Posted March 7, 2017 at 11:45 pm | Permalink

        Did you just say you bite your dog?

  6. madscientist
    Posted March 7, 2017 at 5:26 pm | Permalink

    Uncanny ability to bond and never been injured generally change at some point. Every few years another grizzly whisperer becomes a grizzly snack. It’s all a matter of how long particular wild animals put up with humans being close.

    • darrelle
      Posted March 8, 2017 at 7:11 am | Permalink

      And how much the human may be fooling themselves about the relationship. Plenty of people have had long, close relationships with wild animals and not been maimed or killed by them. The couple of grizzly whisperers who got eaten that I am familiar with seemed to be delusional to me.

  7. rickflick
    Posted March 7, 2017 at 5:42 pm | Permalink

    I always feel a bit nervous watching this kind of thing. Animals can be unpredictable and skittish at times. I sure hope the lioness doesn’t wake up one morning on the wrong side of the hay bale, and decide sever the friendship with a claw. I remember the couple who made films about getting close to lions(1970s?) – I think one of them was killed by a poacher and the other killed by a lion.

  8. Mark Sturtevant
    Posted March 7, 2017 at 6:38 pm | Permalink

    I really like this guy. One thing that cracked me up here is near the end he plays the ‘paw on top’ game with the lioness, where his hand is on her paw, and she puts her paw on top of his hand, and so on. I do the exact same game with my d*g.

    • darrelle
      Posted March 8, 2017 at 7:15 am | Permalink

      Domestic cats do something like this too. I’m pretty sure that in the case of domestic cats it isn’t really a game so much as the cat’s preference for being in control. They put their paw on your hand so that they can control it. If you move without permission the claws are likely to come out, gently at first, more firmly if you don’t respond appropriately.

  9. Melissa
    Posted March 8, 2017 at 5:06 am | Permalink

    I love it when he kisses the little cub at about 1’17” (I kiss my cats all the time, a relex–)

  10. Posted March 8, 2017 at 7:50 am | Permalink

    I LOVE those videos. And yes, I know there are plenty of ‘experts’ who say that you shouldn’t DO that (play with wild animals).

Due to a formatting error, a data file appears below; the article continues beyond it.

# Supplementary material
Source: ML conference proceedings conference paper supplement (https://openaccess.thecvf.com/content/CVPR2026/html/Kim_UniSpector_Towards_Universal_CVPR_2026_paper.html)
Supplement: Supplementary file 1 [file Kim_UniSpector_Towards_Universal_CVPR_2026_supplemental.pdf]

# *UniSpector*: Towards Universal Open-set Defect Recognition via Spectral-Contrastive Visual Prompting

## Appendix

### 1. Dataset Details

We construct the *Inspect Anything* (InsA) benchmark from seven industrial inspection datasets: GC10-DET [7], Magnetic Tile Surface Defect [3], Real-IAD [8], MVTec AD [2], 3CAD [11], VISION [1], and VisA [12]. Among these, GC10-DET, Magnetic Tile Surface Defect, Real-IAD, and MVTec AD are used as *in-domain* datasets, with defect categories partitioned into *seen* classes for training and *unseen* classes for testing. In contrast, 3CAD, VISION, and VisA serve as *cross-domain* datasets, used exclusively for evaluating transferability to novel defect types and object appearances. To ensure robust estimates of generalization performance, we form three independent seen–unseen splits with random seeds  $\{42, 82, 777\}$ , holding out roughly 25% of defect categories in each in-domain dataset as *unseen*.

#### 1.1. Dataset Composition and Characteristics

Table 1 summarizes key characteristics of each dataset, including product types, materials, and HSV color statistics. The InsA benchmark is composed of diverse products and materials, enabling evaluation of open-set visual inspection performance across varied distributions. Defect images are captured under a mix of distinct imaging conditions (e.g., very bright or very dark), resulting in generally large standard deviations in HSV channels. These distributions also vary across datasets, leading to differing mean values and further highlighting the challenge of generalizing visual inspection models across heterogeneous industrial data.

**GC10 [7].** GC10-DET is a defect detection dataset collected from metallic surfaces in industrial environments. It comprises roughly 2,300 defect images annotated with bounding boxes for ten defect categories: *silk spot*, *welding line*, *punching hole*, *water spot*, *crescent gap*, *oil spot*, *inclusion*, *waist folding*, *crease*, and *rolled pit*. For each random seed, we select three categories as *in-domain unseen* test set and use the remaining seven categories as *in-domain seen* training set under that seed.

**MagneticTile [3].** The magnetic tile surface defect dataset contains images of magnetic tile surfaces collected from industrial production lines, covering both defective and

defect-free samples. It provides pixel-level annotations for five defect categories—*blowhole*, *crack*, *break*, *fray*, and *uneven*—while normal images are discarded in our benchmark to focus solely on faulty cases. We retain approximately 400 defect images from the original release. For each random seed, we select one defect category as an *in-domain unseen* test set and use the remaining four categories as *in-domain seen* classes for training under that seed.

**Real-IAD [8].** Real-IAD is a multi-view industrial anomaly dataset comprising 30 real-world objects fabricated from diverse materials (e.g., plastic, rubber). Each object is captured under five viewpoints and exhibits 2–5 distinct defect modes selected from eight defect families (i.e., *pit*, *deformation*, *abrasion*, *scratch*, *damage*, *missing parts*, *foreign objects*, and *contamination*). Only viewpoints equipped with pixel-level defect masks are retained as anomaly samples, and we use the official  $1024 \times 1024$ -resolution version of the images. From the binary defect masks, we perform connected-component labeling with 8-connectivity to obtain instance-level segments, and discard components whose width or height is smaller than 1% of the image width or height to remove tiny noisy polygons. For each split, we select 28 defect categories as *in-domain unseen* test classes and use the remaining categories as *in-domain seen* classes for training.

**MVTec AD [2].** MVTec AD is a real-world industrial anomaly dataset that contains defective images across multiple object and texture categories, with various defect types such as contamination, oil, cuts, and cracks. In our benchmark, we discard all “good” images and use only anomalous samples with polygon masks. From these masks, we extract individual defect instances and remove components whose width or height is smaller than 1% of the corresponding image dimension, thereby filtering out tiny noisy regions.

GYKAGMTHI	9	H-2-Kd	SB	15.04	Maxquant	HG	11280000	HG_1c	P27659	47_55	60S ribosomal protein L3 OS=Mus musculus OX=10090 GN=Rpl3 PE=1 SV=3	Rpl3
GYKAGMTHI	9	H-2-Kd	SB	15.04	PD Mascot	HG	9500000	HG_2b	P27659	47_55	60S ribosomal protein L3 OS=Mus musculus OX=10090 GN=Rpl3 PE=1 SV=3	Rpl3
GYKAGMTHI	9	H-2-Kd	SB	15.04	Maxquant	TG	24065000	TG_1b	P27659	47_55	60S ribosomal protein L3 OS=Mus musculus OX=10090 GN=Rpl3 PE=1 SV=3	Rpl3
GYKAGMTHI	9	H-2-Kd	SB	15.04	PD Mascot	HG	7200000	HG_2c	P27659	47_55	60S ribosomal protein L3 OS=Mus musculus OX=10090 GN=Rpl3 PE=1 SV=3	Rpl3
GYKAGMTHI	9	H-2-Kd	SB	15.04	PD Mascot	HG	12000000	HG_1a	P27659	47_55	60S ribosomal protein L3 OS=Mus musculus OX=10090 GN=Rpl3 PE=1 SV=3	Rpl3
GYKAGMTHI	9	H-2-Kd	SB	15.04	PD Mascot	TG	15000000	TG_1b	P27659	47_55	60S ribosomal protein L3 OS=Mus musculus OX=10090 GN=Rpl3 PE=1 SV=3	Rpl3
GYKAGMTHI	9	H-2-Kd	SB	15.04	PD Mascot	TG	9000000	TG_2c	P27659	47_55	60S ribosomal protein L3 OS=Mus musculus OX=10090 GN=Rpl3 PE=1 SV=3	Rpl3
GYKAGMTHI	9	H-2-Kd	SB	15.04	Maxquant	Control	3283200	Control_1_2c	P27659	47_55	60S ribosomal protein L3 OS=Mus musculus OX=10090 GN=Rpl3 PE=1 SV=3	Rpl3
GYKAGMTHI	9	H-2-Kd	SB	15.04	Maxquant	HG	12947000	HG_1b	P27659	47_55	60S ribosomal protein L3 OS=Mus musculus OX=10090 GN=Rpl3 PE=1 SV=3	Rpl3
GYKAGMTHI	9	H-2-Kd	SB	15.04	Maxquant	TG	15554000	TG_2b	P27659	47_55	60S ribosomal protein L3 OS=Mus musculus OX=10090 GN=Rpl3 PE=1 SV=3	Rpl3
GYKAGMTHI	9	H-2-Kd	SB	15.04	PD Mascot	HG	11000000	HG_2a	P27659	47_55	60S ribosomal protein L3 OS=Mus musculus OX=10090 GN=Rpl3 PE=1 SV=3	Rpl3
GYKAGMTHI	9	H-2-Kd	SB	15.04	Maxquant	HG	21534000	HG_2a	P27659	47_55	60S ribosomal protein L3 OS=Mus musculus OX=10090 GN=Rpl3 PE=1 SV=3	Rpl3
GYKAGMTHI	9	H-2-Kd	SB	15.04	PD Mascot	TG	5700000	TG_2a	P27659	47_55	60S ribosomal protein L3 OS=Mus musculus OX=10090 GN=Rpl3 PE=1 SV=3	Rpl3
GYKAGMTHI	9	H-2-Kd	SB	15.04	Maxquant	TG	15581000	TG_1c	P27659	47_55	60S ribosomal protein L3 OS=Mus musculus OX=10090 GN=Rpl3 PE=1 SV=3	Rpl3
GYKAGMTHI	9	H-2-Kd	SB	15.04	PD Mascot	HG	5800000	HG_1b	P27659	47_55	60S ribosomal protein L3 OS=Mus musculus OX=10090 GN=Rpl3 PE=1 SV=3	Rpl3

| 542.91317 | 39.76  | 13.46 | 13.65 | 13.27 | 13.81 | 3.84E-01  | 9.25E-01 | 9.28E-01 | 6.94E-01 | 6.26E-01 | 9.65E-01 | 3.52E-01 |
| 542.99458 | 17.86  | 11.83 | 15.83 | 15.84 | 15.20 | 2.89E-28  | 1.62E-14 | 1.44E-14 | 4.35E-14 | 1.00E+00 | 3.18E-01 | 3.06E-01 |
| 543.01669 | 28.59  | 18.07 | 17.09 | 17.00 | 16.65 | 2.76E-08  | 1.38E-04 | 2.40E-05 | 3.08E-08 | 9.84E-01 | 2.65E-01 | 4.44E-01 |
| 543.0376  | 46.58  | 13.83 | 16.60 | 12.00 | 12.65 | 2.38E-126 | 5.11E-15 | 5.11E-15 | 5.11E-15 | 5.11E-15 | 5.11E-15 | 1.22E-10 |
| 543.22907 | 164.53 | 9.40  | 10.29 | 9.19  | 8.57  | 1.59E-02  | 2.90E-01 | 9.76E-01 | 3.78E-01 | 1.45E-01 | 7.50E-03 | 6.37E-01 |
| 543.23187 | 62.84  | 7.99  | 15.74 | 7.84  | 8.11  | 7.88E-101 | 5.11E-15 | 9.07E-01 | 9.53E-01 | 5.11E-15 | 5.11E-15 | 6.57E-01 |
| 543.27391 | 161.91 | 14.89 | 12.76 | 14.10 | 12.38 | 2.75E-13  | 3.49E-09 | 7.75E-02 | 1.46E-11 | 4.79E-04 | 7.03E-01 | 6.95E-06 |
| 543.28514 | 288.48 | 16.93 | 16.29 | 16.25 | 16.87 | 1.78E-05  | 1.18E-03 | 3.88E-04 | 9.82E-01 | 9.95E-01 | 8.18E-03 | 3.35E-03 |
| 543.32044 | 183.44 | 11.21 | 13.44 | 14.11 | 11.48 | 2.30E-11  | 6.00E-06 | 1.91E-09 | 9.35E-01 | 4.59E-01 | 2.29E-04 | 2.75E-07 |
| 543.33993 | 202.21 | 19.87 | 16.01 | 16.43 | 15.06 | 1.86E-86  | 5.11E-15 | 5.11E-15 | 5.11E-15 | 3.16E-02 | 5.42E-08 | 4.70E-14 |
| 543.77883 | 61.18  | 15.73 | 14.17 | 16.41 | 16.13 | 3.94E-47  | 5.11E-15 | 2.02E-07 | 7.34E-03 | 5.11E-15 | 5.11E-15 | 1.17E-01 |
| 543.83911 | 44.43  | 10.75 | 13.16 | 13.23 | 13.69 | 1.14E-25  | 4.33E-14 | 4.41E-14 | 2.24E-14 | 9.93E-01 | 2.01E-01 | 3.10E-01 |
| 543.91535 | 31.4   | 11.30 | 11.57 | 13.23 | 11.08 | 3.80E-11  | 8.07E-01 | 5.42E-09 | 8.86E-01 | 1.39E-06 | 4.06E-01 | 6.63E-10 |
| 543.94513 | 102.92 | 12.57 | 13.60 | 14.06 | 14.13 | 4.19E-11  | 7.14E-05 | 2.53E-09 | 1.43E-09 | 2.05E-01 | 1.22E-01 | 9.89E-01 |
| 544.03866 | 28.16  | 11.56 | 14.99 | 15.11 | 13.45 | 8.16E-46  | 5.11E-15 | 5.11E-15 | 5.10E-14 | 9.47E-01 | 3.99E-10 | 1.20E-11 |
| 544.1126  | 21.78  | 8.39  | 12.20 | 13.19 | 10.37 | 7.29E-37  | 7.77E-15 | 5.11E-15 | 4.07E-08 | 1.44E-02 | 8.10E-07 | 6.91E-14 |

But it’s too cute to resist.
    But is it smart?

    Here’s the issue I have with it .. and it’s one of ‘scale’.
    I have two cats, and the youngest is my favorite. We got her as a kitten. She’s small: had some health issues as a kitten and will never be a ‘big’ cat. Her name is Zena, but she’s more often referred to as “you little SHIT” .. because that’s what she is.
    She’s an extremely ‘cuddly’ cat, sleeps with me, snuggles up close with me, follows me everywhere, demands CONSTANT petting, etc. And I can basically do with her what I want, she’s the easiest cat I’ve ever had.
    And the cutest.

    BUT .. every once in a while, when we’re cuddling, and she’s purring, she suddenly (what my wife and I call) ‘switches’ on me: she starts licking my hand (ahw, how cute) and then suddenly the ears go back, her sharp nails grab my hand, she bites me (firmly!) and tries to shred my arm with her back paws. I can now make her stop by loudly yelling “NO NO” to her; that calms her down. And 10 seconds later I have to pet her again.
    Quite often, however, she draws blood.
    This is NOT a wild animal.

    Now .. if you’re cuddling like that with a lion, and the lion (or tiger) suddenly gets into one of those moods, you lose an arm! Or worse.
    So, yeah, I would have to think twice about that …

  11. Mike
    Posted March 8, 2017 at 8:43 am | Permalink

    I’m always leery about this kind of thing, big Cats are dangerous and he may do that once too often.